Best plugin for automatic double tracking/vocal doubling effect?

bwb wrote on 10/30/2002, 6:22 AM
I am trying to achieve a vocal doubling effect that sounds like the classic Beatles doubling that was called automatic double tracking (ADT). The Beatles did it by getting a slight delay between the heads on a tape machine and slight modulation of the sound by varying pressure on the tape reel.

Should I try to achieve this using a special purpose plugin, or would it be better to use a plugin chain to do the delay and then modulation? What are the right sorts of settings?


stakeoutstudios wrote on 10/30/2002, 7:09 AM
tricky one. You could try copying the vocal to another track, and moving one slightly forwards or back. Pan if you like. Alternatively some kind of chorus plugin or something like PSP's pseudo stereo.

I don't know how you'd start emulating the tape side of things though - perhaps Cakewalk FX2 Tape Sim.

Personally I'd just use a nice Valve Mic, and put a short delay on the lead line, then actually double track it, or do triple-tracking and pan the copies left and right for more width.

A Program like Synchro Arts Vocalign can align double-tracking takes perfectly, so there are no parts of vocal out of time with each other - awesome program.

Nat wrote on 10/30/2002, 12:22 PM
Wondering, in which Beatles song can we hear this effect ?
Geoff_Wood wrote on 10/30/2002, 5:01 PM
Eleanor Rigby is one for sure, but *many* others as well. EMI's ADT was tape based. I think that a fixed delay would sound sterile in comparison.
bwb wrote on 10/30/2002, 7:34 PM
One of the most striking examples is John Lennon's vocal on "Tommorow Never Knows".
Nat wrote on 10/30/2002, 11:17 PM
Wow cool
I heard that tommorow never knows is the first song to use a sample. I,m wondering if the person who told me that referred to the laughing of Paul that was cutted up and reversed.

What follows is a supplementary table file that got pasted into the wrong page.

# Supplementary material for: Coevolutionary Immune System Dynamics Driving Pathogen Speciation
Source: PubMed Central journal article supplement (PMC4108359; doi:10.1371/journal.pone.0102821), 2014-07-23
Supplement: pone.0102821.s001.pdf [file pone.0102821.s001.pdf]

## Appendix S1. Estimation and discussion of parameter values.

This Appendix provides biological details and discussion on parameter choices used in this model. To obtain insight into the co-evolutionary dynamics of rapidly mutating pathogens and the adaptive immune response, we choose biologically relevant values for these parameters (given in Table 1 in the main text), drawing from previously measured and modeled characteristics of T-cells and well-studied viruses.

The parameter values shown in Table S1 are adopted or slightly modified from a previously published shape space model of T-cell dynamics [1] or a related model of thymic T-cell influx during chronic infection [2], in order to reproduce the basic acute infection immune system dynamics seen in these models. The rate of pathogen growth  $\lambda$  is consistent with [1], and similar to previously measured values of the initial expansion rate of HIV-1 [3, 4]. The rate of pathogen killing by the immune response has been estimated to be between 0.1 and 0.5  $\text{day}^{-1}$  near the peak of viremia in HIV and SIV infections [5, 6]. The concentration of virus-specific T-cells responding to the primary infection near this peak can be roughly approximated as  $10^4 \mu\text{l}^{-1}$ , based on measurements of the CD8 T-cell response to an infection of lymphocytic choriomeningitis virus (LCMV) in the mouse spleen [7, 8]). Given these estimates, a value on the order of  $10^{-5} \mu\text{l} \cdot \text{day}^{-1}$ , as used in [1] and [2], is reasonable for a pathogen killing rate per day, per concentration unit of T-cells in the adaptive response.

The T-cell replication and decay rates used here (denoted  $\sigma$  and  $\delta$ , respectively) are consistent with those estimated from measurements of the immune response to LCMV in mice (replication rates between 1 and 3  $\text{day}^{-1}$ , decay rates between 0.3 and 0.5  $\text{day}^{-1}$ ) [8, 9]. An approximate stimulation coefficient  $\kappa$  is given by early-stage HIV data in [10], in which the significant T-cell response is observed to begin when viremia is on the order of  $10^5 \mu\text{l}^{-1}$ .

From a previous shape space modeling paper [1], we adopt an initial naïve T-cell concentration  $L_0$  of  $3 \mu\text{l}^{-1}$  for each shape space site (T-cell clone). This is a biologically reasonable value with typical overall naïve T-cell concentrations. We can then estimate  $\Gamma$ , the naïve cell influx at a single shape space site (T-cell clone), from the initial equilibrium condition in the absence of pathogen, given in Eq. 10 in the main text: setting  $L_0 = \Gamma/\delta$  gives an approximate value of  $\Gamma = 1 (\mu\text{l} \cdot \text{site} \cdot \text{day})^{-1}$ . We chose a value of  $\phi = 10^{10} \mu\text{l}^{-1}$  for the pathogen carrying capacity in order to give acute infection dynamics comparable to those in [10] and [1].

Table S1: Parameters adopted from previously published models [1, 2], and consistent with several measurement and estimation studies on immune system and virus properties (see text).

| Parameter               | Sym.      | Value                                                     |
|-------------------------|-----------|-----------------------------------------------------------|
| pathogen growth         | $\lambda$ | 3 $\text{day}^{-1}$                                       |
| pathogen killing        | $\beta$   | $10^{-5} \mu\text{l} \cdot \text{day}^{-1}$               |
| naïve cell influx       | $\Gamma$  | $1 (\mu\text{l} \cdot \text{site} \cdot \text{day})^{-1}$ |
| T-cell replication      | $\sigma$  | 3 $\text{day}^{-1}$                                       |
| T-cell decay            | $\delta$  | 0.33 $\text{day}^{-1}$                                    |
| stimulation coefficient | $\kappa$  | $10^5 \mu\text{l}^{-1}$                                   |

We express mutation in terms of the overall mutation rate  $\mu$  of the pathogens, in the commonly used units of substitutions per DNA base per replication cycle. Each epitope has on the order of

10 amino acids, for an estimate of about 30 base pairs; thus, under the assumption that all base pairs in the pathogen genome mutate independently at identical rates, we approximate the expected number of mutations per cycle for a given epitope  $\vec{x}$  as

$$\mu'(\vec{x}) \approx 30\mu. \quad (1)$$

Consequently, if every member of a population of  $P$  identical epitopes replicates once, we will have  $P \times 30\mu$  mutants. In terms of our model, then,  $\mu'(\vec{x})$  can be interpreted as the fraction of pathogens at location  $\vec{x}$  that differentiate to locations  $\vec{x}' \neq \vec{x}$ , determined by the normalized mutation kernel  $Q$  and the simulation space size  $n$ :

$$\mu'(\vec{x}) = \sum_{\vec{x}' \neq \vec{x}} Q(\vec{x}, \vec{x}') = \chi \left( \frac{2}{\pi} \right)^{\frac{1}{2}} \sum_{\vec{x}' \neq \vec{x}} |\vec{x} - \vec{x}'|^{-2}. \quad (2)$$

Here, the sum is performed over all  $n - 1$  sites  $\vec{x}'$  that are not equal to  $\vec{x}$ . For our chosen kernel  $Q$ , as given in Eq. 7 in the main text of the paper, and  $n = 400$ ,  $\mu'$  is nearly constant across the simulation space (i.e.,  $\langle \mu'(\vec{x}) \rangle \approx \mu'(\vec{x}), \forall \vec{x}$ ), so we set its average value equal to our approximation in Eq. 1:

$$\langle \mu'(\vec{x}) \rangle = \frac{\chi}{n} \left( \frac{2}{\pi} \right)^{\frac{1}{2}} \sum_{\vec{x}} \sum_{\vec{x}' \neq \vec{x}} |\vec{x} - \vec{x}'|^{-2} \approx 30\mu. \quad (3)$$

Geoff_Wood wrote on 10/31/2002, 4:23 AM
Just reading "The Complete Beatles Recording Sessions' and I saw the bit where Paul not only dabbled with acid, but invented Acid. Sort of. He was the one running around and experimenting with 'tape loops'.

Also (totally OT !) crank up Hey Jude and listen very carefully at 2:59, maybe best on 'phones ;-)

stakeoutstudios wrote on 10/31/2002, 6:47 AM
There's a Lexicon Delay plugin written by PSP that has tape based delay simulation...

That might be worth a go...
SonyEPM wrote on 10/31/2002, 9:20 AM
Webpuppy's idea (copying the vocal to another track, and moving one slightly forwards or back) would be the same as a the tape machine method (right? just a delay?). I've done this quite a bit with guitar tracks- pan the original track 75%L, dupe the track, pan it 75%R, push the second track down a little and you get a double-tracking sound. To make it more real I pitched the second track up very slightly, so it sounds a teensy bit out of tune, then I split the track up a bumped the split portions around a little so the timing was looser- sounded pretty good, not too gimmicky.

edna6284 wrote on 10/31/2002, 9:36 AM
It's a great idea to split up the doubled track and move parts around a bit...just so it doesn't sound like it's some automatic process (like a standard delay). Your method probably comes out sounding like it was actually sung twice...D

stakeoutstudios wrote on 10/31/2002, 2:31 PM
thankyou :o) However, that Lexicon Direct X Plugin by PSP emulates the effect I think he's after!

Also, PSP do another plugin, called Pseudo Stereo, which does much the same thing as copying the file to another track and moving it back or forwards. You could combine this with the delay mentioned...

I know Mark Berry (he's asked to do my band's album -, he worked with George Martin at Air Studios, and worked with Paul McCartney, so when I speak to him, I'll see how he'd go about it :o)

spydakb wrote on 10/31/2002, 3:45 PM
I did this last night with some sax loops that I felt was lacking. I didn't pitch it yet, but so far it is achieving the goal.

- KB